Nurturing our Roots
‘…Parda nahin jab koi khuda se, bandon se parda karna kya…’
sang a young woman passionately in love, yet strong in her head, and shook an entire sultanate with her courage, conviction and, of course, sheer love for her beloved.
Loosely translated, the verse means when there is no veil with the Supreme Lord, where does the need arise to veil up myself (my thoughts/feelings) in front of humans.
The classic love story of the beautiful courtesan Anarkali and Prince Salim, Emperor Akbar’s son, is making inroads back into our lives, in the form of a musical! A theatre production brought to life by Feroze Abbas Khan, a well-known theatre director, this musical is a live rendition of one of the iconic Hindi movies of Indian Cinema – Mughal-E-Azam.
Art and culture form the core root of our society. And any, and all, attempts to strengthen it, nurture it, and, in today’s times, reinforce it, is welcome and needs an applause.
Let me pause here and take readers back into history. Mughal-E-Azam was an all-time hit movie that was known for its magnificent sets, extravagant decor, beautiful costumes, melodious music, outstanding star cast, and memorable dialogues. It was also a writing masterpiece, with seamless dialogues and classic conversations depicting the social fabric of the times as well as giving a mesmerizing insight into the passionate love, prevalent social dogmas, unyielding elders, staunch lovers, and positions of power. Though a black and white movie, the costume, cinematography, characters, scenes, and many such aspects were thought through with great attention while making this film. The film took close to a decade to complete and cost the filmmaker an unimaginable sum of money, and resulted in a spectacular classic.
And now this iconic film is running full houses as a musical show in live theatre to great applause and appreciation!
It is highly gratifying to see that this form of theatre is coming to life at a time when technology is sweeping across our lives and alienating us from our core roots. Ask any 20-year-old today about 3D, VR (Virtual Reality) or AI (Artificial Intelligence), you may very well receive an instant answer from them. But prod them on Kudiyattam, Bhavai or Jatra forms of theatre, you are going to see them staring back at you.
Street plays, stage performance, puppet shows, folk plays, short skits etc. are turning alien to too many millennials. While they were once, to use a contemporary term, ‘talent base’ of actors for the Indian Cinema, today you see them moving into oblivion. Great actors like Shabana Azmi, Naseeruddin Shah, Farooq Sheikh have their roots in theatre from where they went on to become successful actors. Down south, actors like Rajkumar or NTR started their careers in street theatre and went on to become successful actors. They not only acted, but also directed and sang their own musical plays.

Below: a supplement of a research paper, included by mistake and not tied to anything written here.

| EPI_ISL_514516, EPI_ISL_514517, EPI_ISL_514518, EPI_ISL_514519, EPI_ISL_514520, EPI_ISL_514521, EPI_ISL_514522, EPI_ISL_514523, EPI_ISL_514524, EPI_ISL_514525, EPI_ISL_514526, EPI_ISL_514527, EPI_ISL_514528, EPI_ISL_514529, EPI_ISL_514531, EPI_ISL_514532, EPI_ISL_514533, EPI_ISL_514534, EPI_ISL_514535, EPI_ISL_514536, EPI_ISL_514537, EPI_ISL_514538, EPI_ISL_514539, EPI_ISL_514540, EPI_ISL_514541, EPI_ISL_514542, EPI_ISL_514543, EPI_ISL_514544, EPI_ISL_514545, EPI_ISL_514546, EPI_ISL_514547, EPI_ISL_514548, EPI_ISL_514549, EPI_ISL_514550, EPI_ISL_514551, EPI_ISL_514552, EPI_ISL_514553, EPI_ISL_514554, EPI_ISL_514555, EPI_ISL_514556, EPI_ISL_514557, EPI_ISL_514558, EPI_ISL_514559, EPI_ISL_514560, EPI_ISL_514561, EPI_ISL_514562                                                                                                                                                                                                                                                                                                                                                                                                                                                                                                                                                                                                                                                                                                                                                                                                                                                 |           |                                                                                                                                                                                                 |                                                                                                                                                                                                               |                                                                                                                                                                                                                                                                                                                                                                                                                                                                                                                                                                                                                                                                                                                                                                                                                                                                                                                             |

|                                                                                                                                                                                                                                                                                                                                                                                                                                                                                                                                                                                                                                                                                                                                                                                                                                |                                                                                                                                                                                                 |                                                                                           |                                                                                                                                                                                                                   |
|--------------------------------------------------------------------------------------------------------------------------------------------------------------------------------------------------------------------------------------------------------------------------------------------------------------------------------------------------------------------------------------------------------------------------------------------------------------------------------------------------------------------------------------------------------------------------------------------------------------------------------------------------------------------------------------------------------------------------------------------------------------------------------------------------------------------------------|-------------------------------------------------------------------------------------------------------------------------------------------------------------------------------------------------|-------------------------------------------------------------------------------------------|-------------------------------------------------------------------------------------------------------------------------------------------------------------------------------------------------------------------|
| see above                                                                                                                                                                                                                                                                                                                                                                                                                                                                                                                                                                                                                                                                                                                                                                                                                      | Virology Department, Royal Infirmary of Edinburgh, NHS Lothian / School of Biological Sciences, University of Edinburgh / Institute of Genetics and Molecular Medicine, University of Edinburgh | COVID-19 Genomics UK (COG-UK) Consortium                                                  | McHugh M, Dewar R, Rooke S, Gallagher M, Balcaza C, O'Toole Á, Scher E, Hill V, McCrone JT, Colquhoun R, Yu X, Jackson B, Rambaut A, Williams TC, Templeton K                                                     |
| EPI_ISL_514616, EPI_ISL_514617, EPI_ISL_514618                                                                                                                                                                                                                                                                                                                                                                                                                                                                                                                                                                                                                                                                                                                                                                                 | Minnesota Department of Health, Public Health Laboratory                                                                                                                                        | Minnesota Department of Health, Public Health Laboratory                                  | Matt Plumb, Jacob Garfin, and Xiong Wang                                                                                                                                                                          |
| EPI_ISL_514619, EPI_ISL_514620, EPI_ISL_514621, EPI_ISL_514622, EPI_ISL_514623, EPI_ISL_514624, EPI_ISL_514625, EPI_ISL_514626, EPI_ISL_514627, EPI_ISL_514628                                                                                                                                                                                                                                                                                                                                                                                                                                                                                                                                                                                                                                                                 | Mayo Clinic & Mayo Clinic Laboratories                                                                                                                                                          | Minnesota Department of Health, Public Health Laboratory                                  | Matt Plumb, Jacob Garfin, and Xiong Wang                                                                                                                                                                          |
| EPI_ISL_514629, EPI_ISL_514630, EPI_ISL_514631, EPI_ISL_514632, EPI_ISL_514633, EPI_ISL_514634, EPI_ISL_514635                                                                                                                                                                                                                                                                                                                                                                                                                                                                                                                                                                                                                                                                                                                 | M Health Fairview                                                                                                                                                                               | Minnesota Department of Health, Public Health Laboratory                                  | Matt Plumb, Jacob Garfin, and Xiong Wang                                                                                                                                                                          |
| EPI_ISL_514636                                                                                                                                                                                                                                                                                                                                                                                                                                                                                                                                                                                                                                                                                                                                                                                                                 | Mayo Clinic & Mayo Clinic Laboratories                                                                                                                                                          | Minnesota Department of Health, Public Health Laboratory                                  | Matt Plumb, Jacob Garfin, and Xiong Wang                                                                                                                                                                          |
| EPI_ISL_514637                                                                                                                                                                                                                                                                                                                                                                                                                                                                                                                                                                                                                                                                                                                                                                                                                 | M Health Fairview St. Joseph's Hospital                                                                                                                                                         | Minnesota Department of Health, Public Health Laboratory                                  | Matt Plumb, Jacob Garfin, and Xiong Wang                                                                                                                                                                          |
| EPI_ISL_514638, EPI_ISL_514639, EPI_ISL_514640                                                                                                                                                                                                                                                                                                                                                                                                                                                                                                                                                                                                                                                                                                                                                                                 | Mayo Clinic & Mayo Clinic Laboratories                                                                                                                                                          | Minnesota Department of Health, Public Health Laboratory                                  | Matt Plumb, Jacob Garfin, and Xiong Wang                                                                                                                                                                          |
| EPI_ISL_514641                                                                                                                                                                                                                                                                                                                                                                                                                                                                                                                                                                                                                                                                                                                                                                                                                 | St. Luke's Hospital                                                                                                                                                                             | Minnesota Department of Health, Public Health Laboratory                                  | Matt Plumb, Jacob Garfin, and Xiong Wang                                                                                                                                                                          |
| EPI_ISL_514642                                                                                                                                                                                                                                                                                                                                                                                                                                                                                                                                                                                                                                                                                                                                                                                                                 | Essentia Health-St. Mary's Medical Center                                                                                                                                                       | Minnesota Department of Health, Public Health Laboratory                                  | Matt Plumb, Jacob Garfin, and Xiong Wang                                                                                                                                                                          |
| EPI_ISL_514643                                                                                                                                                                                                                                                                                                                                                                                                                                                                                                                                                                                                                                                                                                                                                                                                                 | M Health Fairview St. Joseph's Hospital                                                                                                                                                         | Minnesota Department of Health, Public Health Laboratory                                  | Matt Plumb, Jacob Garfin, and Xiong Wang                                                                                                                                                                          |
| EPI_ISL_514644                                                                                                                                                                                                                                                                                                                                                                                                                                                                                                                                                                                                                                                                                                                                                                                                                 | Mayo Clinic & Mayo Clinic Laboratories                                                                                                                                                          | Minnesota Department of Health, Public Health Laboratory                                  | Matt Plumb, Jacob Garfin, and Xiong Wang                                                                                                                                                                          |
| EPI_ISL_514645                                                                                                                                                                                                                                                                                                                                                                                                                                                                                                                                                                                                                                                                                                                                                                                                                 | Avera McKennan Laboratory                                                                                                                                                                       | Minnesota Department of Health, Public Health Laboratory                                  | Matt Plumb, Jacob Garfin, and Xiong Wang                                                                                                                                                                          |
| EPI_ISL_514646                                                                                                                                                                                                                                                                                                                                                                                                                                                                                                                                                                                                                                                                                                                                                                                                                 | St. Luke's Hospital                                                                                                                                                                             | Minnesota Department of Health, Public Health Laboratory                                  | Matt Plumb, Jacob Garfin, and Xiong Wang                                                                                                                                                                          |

Coming back to Mughal-E-Azam, why a musical?
In 2004, a colored version of Mughal-E-Azam was released. And somewhere at that time the roots of watching a musical were sown in his mind, says the director. All for love, he adds. To quote his words, ‘Love stories are bigger when sacrifices are big. Anarkali knew the consequences of loving Salim. She was ready to die for love.’
Driven by the firm belief that a theatre is more befitting for this classic, the makers have used a cast of over 350 people and created a play that runs for about 2 hours and 15 minutes and holds a strong contemporary sensibility. The grand set, the costumes, trained dancers and more importantly the live singing on stage brings to life the immortal movie for us, and makes us relive the historical fiction. The play has already run 50+ shows in Mumbai and New Delhi and intends to go global next year. So, all you lovers of this form of art, do take your families, especially the younger ones, and see this musical when it comes to your city.
I hope this endeavour of Feroze Abbas Khan ignites other creative minds, sets the tune for more such plays, nurtures our core art forms, revives them to their full glory and enables younger generations to connect back to our roots. Not only will it enable them to get a hold on our rich culture and heritage but also empower them to connect with their own selves, and the people around through a theatrical depiction of various emotions of life like trust, love, betrayal, anger, friendship, remorse, forgiveness etc.
After all, certain things like love and happy relationships cannot be downloaded using an App on a mobile phone!
Swapna Narayanan is an author of short stories and poems currently based in Bengaluru, India.
Great write-up Swapna. I would be looking forward to the play coming to my city. Hopefully soon!